How Accurate Is Screening For Tyrosinemia?

According to a story from, doctors have begun screening infants for tyrosinemia type 1. However, it is still unclear how accurate the screening process for this genetic disorder is. A recent review of testing accuracy was published in the Orphanet Journal of Rare Diseases.
Tyrosinemia is a rare genetic disorder. In this condition, the body is unable to break down tyrosine, an amino acid. Since the body does not break it down, tyrosine begins to build up in the body to dangerous levels, which can cause severe damage to vital organs such as the liver and kidneys. The condition can also cause neurological problems. Without treatment, the organs will eventually fail and lead to death. In the past, many people with the condition did not survive childhood, but the treatment nitisinone has increased survivability considerably. Patients may have to follow a diet low in tyrosine and liver transplant may be necessary in severe cases. Type 1 is the most severe form of the tyrosinemia. To learn more about this condition, click here.

Screening for tyrosinemia is common for newborns throughout much of the world, as it is essential for the condition to be recognized early before the organs begin to sustain major damage. The screening procedure involves measuring the concentration of succinylacetone in the blood. People with tyrosinemia have a higher concentration than people without the condition. While testing has demonstrated a 100% accuracy rate for the test, the authors of the review emphasize that screening processes are not perfect, and previous tests make the assumption that people without the high level of succinylacetone are actually disease free.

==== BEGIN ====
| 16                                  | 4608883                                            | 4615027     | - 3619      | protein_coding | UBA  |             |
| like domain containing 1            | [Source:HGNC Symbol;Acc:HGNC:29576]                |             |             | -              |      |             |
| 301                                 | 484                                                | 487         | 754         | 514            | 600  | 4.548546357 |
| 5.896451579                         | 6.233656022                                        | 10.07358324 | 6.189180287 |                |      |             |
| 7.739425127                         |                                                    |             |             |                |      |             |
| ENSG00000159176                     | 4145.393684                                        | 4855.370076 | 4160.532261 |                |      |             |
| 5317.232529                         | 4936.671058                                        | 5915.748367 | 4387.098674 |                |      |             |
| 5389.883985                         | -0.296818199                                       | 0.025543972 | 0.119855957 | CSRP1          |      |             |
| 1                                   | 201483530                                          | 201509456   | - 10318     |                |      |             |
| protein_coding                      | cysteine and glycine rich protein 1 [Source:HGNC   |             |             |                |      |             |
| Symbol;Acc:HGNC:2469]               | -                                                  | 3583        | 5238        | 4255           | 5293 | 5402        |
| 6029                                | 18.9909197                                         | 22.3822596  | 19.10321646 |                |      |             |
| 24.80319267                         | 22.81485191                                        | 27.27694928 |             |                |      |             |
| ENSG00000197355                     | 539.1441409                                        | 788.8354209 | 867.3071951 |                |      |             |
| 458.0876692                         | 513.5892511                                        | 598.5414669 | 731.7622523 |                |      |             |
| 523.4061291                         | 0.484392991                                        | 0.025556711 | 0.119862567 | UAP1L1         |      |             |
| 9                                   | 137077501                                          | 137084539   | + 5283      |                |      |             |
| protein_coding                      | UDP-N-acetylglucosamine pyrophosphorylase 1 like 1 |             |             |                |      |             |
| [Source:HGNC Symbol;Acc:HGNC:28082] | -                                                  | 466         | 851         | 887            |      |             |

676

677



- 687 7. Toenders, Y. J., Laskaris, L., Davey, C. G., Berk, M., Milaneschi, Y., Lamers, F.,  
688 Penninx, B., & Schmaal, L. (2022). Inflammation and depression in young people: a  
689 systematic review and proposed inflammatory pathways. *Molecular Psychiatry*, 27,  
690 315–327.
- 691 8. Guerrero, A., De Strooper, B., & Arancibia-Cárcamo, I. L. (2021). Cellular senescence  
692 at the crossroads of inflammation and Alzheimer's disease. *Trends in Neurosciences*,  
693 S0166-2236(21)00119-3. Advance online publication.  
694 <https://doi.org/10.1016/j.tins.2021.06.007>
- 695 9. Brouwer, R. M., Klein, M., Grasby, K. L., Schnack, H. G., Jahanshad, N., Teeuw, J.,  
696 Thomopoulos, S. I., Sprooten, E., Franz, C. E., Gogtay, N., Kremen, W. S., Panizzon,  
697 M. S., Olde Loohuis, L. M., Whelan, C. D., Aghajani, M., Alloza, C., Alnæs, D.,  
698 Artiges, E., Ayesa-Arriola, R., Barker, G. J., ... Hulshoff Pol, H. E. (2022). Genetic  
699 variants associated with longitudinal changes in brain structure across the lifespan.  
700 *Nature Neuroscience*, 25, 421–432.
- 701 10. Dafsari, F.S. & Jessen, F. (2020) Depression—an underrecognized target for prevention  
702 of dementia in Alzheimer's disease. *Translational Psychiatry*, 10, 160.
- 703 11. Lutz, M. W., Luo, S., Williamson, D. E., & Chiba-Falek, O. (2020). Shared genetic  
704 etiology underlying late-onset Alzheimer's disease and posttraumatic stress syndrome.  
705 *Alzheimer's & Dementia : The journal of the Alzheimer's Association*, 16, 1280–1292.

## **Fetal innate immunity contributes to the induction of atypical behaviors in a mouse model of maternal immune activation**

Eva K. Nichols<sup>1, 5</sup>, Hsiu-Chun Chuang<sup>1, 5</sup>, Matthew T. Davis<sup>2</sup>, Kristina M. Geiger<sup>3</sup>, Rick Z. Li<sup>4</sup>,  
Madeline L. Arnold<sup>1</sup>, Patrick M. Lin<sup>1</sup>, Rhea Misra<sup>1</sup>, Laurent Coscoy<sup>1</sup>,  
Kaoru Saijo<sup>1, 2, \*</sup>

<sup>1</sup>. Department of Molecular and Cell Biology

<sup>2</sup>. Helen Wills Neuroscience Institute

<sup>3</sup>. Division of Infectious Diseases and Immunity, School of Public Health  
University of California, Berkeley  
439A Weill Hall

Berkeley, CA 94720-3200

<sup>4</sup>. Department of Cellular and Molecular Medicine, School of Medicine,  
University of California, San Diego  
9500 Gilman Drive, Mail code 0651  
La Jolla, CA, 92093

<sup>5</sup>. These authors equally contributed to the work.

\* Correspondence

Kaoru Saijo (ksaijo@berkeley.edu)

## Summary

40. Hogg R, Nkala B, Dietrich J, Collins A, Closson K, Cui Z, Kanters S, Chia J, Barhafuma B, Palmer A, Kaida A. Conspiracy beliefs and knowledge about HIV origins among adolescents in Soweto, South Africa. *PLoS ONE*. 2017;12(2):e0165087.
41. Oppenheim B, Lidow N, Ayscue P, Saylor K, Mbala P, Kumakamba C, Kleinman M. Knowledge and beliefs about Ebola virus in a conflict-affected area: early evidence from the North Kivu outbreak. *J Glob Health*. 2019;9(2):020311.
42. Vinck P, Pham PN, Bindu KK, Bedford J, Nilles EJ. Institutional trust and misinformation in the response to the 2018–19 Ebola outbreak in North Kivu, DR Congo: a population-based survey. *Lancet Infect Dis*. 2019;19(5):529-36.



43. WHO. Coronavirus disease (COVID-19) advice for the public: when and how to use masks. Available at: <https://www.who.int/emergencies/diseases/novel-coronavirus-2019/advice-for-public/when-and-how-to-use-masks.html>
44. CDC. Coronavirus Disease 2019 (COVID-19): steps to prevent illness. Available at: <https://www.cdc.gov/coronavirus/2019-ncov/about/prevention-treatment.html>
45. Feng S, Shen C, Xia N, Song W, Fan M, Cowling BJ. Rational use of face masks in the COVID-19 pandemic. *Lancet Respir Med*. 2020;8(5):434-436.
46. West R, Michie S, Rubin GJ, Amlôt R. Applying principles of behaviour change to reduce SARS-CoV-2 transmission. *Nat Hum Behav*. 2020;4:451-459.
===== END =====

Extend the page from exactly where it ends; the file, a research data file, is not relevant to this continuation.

While most studies indicate that earlier treatment before symptoms appear is beneficial for people with the disorder, the researchers once again suggested that more studies may be useful and that the supposed benefit could be reflective of bias in the studies. The review also emphasized the immense difficulty in researching rare conditions. Studies typically have much less participants than in other studies and participants are more likely to have varied characteristics that could affect results. Some studies also lack control groups, and when treatment testing is involved, there is rarely another treatment available for comparison.

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